Statists sense the raw power of culture. The Nazi leader Hermann Goering is famously quoted as saying, “Whenever I hear the word ‘culture’, I reach for my gun.” Culture – as opposed to propaganda – is a free market, decentralized expression of people’s values and attitudes. Like thought itself, culture cannot be controlled by law or created through oppression. The state tries to stamp out whatever is too openly subversive but the attempt is like whack-a-mole; the harder they pound, the more of it pops up.
Marxist theorists are smarter. They reinterpret the art and, so, make it serve their political purposes.
In an article entitled “We the Living Dead: the convoluted politics of zombie cinema” (Reason, January 25, 2007), libertarian Tim Cavanaugh points to the 1979 study The American Nightmare: Essays on the Horror Film by Robin Wood. Wood described the cannibalism of zombies as “the ultimate in possessiveness…the logical end of human relations under capitalism.”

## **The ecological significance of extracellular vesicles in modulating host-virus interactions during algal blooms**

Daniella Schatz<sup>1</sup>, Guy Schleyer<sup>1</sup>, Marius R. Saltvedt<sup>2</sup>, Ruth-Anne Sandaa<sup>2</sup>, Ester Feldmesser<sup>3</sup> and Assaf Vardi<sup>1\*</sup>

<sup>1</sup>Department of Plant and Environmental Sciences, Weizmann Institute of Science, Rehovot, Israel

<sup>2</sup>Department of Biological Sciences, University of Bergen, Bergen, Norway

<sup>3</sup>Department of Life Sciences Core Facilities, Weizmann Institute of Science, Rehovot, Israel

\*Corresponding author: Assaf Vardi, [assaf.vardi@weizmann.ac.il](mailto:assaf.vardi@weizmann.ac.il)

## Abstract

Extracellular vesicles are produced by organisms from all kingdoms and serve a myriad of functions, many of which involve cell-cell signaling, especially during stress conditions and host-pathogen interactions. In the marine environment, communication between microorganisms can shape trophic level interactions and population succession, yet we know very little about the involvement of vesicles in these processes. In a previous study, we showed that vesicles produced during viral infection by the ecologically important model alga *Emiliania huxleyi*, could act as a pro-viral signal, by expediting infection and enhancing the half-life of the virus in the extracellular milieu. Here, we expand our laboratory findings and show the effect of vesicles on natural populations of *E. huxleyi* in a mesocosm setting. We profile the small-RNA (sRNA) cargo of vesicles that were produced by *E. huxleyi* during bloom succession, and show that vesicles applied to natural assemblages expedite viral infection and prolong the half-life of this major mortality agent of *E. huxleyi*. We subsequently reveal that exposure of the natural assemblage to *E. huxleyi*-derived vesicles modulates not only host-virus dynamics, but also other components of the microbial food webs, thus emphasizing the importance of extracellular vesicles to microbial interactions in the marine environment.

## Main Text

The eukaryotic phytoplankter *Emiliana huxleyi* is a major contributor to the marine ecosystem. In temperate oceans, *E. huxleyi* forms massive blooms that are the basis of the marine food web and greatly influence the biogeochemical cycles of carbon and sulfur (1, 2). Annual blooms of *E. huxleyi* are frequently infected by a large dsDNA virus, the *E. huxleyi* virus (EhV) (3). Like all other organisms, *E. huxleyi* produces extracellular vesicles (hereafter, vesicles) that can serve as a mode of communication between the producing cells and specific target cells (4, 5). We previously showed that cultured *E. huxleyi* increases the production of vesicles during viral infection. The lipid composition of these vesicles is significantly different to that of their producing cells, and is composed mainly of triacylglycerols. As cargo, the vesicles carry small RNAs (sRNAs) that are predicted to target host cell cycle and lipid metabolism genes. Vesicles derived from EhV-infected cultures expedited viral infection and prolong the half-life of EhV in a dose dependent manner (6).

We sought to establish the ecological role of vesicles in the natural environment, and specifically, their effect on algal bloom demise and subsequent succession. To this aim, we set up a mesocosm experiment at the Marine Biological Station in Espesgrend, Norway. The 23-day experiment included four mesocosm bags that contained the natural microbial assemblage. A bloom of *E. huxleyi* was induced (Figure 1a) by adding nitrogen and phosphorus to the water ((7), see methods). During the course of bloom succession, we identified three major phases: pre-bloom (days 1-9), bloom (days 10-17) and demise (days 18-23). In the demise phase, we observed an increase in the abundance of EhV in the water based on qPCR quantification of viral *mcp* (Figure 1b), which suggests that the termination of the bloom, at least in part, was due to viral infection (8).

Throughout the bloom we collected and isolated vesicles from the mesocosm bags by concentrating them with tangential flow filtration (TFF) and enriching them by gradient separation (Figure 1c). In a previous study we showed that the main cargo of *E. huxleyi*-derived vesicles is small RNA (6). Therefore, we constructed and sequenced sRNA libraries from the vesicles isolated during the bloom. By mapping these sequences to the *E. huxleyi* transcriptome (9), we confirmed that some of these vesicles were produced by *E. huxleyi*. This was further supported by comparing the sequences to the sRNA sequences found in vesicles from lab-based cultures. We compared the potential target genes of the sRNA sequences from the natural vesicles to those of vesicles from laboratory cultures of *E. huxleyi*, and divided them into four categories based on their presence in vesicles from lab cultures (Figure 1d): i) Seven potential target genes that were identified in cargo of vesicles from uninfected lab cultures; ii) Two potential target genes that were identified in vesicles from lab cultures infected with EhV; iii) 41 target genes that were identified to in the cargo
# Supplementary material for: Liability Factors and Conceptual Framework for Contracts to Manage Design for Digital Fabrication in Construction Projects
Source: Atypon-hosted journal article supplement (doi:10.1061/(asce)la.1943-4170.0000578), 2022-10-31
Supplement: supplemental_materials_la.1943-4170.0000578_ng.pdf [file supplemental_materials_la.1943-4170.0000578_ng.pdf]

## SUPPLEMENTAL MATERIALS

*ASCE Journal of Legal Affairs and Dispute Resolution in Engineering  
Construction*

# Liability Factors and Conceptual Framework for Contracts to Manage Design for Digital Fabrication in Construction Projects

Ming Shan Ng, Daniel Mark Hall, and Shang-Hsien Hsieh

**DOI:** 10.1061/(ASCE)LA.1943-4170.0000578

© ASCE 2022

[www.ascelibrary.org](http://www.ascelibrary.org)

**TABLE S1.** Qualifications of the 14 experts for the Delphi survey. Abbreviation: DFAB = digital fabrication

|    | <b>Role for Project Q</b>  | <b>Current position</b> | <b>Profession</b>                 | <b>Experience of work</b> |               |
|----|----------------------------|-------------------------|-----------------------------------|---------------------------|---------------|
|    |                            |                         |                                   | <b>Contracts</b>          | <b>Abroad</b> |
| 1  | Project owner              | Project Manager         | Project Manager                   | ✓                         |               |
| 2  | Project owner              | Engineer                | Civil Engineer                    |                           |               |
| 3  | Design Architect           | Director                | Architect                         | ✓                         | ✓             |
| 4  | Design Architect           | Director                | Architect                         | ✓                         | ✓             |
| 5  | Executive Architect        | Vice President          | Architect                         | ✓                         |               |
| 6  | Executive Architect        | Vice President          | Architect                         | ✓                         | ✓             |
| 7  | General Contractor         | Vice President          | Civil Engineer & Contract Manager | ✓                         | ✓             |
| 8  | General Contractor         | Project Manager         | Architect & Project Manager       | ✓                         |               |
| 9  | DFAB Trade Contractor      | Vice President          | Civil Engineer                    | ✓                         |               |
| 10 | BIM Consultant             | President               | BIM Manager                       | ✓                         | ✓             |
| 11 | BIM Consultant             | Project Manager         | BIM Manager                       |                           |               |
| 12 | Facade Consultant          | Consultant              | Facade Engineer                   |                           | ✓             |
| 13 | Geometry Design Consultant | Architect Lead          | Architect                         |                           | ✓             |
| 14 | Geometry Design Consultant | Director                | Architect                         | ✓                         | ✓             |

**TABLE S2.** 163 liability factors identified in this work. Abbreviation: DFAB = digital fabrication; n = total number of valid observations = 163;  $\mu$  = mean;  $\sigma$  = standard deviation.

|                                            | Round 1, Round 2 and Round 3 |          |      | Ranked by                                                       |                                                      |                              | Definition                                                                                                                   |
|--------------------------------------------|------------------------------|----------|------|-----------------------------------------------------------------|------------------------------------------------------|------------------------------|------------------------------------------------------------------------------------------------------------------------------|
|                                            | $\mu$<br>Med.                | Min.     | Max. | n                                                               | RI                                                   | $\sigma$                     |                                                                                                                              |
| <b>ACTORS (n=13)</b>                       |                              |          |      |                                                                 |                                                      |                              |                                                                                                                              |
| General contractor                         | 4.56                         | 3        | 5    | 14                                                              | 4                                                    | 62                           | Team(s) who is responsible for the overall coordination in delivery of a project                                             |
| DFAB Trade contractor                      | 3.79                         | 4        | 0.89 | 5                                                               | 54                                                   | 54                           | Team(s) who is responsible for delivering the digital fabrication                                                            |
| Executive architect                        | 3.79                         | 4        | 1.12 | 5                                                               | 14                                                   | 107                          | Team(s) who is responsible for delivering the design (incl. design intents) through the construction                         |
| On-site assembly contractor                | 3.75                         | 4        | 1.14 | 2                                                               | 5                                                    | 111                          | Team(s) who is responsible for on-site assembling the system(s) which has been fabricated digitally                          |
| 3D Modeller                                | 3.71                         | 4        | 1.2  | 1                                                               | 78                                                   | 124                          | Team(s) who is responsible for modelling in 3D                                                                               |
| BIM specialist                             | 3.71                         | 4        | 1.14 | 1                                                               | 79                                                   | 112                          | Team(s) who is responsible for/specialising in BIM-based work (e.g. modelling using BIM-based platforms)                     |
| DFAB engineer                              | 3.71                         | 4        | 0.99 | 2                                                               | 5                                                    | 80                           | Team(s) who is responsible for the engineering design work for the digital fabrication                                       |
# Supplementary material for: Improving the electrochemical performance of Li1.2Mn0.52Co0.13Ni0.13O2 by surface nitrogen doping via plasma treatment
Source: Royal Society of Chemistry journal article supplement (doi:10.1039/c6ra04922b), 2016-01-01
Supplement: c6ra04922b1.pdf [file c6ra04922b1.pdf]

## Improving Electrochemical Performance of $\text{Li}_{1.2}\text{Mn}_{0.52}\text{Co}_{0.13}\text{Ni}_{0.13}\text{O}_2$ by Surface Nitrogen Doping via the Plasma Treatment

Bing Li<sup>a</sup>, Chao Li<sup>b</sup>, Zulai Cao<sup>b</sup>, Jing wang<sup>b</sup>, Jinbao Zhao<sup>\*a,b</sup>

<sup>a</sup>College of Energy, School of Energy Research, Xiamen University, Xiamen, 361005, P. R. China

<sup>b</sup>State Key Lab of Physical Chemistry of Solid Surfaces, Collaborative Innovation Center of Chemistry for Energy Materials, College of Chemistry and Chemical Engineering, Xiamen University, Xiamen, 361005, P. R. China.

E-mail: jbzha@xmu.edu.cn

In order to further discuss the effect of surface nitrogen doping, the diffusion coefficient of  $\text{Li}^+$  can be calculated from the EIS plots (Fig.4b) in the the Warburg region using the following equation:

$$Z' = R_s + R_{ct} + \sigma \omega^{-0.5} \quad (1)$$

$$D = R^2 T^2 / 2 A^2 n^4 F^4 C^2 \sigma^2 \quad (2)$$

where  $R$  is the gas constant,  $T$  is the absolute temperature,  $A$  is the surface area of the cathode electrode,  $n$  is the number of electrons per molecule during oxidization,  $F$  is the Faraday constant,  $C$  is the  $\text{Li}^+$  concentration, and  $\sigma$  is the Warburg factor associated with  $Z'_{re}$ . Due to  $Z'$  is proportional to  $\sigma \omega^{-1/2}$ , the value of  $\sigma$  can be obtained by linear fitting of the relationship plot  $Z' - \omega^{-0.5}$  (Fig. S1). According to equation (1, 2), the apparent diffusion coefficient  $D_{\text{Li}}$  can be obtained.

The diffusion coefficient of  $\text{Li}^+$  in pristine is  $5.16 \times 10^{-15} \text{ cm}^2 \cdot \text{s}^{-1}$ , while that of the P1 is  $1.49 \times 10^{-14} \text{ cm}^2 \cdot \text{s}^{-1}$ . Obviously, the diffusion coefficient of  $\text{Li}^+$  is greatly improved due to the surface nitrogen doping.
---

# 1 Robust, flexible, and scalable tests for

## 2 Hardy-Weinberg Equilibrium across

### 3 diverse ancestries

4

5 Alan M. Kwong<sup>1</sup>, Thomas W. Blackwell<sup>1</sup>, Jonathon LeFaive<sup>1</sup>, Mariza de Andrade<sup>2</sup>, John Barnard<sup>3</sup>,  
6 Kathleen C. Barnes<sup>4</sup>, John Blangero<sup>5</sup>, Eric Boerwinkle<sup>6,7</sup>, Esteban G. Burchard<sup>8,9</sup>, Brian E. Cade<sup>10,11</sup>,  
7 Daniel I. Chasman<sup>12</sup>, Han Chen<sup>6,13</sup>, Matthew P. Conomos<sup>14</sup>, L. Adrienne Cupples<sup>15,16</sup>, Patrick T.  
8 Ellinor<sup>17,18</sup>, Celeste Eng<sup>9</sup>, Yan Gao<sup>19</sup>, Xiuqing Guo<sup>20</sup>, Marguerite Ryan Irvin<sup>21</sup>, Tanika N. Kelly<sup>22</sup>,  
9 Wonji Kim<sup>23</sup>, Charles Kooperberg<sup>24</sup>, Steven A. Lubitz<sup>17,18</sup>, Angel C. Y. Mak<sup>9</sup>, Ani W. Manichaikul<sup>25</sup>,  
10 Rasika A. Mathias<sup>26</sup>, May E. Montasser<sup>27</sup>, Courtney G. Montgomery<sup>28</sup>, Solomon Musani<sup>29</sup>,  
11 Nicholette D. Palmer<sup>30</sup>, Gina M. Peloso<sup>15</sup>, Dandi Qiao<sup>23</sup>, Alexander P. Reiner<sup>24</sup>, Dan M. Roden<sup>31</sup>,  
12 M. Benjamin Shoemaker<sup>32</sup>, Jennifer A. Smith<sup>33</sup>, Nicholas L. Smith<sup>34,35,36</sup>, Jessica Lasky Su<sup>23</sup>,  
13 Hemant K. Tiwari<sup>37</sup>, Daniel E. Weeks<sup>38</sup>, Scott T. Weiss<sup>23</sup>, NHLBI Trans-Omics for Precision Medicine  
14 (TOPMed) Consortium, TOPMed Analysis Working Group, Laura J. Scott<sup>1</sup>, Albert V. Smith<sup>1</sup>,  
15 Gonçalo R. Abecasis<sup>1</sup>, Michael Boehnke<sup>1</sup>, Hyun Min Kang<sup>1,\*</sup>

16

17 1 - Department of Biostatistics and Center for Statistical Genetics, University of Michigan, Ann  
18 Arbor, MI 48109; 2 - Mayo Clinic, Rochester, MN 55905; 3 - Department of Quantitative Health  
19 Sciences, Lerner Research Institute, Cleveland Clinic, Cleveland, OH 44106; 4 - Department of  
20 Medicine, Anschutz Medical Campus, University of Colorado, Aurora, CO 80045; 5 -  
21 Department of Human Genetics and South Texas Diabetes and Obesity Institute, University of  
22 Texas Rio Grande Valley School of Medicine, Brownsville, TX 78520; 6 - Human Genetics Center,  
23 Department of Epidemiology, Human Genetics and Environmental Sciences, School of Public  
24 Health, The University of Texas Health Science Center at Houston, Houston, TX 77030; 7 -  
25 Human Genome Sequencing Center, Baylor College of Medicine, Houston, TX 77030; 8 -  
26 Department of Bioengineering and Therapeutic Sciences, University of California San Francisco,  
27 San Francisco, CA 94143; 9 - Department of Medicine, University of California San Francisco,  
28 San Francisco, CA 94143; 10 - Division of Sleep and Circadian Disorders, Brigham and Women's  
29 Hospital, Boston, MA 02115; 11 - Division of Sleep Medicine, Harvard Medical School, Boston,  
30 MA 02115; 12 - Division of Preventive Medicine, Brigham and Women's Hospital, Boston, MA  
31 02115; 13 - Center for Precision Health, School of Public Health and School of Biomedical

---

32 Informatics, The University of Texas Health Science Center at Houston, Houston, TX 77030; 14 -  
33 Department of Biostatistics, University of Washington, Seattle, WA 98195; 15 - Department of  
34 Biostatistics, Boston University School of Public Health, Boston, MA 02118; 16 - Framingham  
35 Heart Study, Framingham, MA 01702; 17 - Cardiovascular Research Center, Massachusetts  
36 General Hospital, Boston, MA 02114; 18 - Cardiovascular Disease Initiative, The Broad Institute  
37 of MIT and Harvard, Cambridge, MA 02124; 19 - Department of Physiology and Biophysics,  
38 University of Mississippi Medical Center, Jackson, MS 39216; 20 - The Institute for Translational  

Cameron M. Weed’s thesis, “The zombie manifesto: the Marxist revolutions in George A. Romero’s Land of the Dead,” is typical of Marxist analysis. “[O]ne must view the films as an allegory for the class antagonism and revolution proposed by Karl Marx in The Communist Manifesto. This thesis will analyze the representational fluidity of the zombie…through two distinct Marxist lenses — the proletariat revolt against the bourgeoisie and the bourgeoisie revolt against the monarchy — while also exploring the implications of the representationally transferable zombie to the overall meaning of Romero’s long-gestating Marxist narrative.”

Romero did not invent zombies but he did lift them out of the merely horrifying and into the also politically relevant. He created the American zombie. His apocalyptic movies combine stark social commentary with appropriately cold shudders.
His message is not leftist but anti-authoritarian and a jarring cry out against the dehumanization of society through programming.